Briefing Paper

Briefing Paper 135 (2013)   

Right-wing nationalism in Russia:
A by-product of electoral competition or a political agenda for the future?

Published 12.9.2013

Maria Nozhenko
The Finnish Institute of International Affairs

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Debates on nationalism acquired a great deal of significance in Russia in the summer of 2013, with the activities of right-wing nationalists increasing during this period too.

Modern Russian nationalism has its roots in anti-immigrant sentiments, mainly as a consequence of failed nation-state building in the post-Soviet period.

Most right-wing organisations are marginalised, with membership and support relatively low. But the anti-immigrant ideas which these organisations propagate currently enjoy high levels of support in Russian society.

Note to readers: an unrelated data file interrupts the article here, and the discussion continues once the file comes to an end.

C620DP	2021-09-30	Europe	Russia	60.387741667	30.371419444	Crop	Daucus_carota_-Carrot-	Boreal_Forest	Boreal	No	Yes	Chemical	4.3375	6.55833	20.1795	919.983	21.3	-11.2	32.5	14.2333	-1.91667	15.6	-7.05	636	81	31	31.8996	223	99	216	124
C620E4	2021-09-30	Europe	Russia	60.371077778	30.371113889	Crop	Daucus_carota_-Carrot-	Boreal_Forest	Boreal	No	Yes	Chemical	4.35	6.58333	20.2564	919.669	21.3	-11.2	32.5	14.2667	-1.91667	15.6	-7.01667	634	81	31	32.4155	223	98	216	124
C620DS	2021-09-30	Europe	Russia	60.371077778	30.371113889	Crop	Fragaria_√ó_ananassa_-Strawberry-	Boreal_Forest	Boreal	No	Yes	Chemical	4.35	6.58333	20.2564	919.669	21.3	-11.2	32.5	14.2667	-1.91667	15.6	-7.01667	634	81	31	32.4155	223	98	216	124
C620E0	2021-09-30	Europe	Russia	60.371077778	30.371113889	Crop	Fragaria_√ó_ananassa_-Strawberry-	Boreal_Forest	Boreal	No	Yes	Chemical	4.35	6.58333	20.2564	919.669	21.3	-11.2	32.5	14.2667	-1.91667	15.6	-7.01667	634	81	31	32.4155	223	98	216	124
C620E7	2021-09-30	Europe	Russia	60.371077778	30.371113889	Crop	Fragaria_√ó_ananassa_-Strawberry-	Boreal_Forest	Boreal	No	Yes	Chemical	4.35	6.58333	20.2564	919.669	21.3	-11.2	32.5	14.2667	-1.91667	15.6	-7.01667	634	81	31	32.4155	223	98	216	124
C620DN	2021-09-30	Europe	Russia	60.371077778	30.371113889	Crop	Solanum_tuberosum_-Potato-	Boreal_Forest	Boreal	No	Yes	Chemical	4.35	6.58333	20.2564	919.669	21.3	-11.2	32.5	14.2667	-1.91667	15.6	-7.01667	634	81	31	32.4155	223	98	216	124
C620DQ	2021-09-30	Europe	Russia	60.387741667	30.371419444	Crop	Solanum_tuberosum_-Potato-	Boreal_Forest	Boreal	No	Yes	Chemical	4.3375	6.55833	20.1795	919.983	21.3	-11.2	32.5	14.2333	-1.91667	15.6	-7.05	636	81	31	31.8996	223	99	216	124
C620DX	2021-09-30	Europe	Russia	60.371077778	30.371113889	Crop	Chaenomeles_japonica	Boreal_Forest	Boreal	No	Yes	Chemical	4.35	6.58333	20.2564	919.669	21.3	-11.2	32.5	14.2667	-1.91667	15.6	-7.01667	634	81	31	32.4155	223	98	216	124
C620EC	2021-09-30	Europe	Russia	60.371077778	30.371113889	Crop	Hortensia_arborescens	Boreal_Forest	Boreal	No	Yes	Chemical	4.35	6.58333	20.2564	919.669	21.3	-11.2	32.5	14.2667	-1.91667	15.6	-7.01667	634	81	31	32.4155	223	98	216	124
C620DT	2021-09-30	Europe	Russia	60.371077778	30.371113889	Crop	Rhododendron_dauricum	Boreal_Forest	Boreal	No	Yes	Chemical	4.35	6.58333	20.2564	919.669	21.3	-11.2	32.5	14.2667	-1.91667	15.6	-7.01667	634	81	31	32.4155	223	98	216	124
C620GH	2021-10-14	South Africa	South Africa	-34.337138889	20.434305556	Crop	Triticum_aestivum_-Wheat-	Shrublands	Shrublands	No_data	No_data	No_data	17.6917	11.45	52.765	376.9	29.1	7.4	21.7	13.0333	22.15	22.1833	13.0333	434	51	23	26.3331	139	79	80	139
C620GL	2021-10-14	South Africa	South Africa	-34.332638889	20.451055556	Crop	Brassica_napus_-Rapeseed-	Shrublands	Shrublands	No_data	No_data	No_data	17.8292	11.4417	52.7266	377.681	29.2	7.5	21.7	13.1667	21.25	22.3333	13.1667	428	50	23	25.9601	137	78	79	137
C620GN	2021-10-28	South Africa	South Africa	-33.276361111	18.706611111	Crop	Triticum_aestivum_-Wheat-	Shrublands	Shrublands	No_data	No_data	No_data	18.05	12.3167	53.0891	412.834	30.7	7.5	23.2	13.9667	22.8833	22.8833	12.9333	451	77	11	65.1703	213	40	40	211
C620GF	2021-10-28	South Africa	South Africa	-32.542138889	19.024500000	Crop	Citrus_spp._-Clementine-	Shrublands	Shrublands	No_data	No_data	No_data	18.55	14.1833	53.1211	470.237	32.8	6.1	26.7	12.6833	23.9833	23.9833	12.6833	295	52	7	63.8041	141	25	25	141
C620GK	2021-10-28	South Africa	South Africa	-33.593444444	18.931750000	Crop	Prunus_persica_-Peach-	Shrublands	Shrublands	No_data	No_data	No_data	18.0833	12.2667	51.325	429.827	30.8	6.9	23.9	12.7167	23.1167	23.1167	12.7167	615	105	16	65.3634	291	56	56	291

Over the past eight years, the activities of right-wing nationalists have been largely limited to ‘the streets’, due to the lack of opportunities open to nationalist parties to participate in electoral processes.

The prospects for Russia’s right-wing nationalist organisations will depend on the regime’s approach to ‘illegal’ immigration, but also on the state’s overall policy towards right-wing nationalism. Three scenarios are seen to be possible at this juncture: ‘marginalised nationalists’, ‘underground nationalists’, and ‘incorporated nationalists’.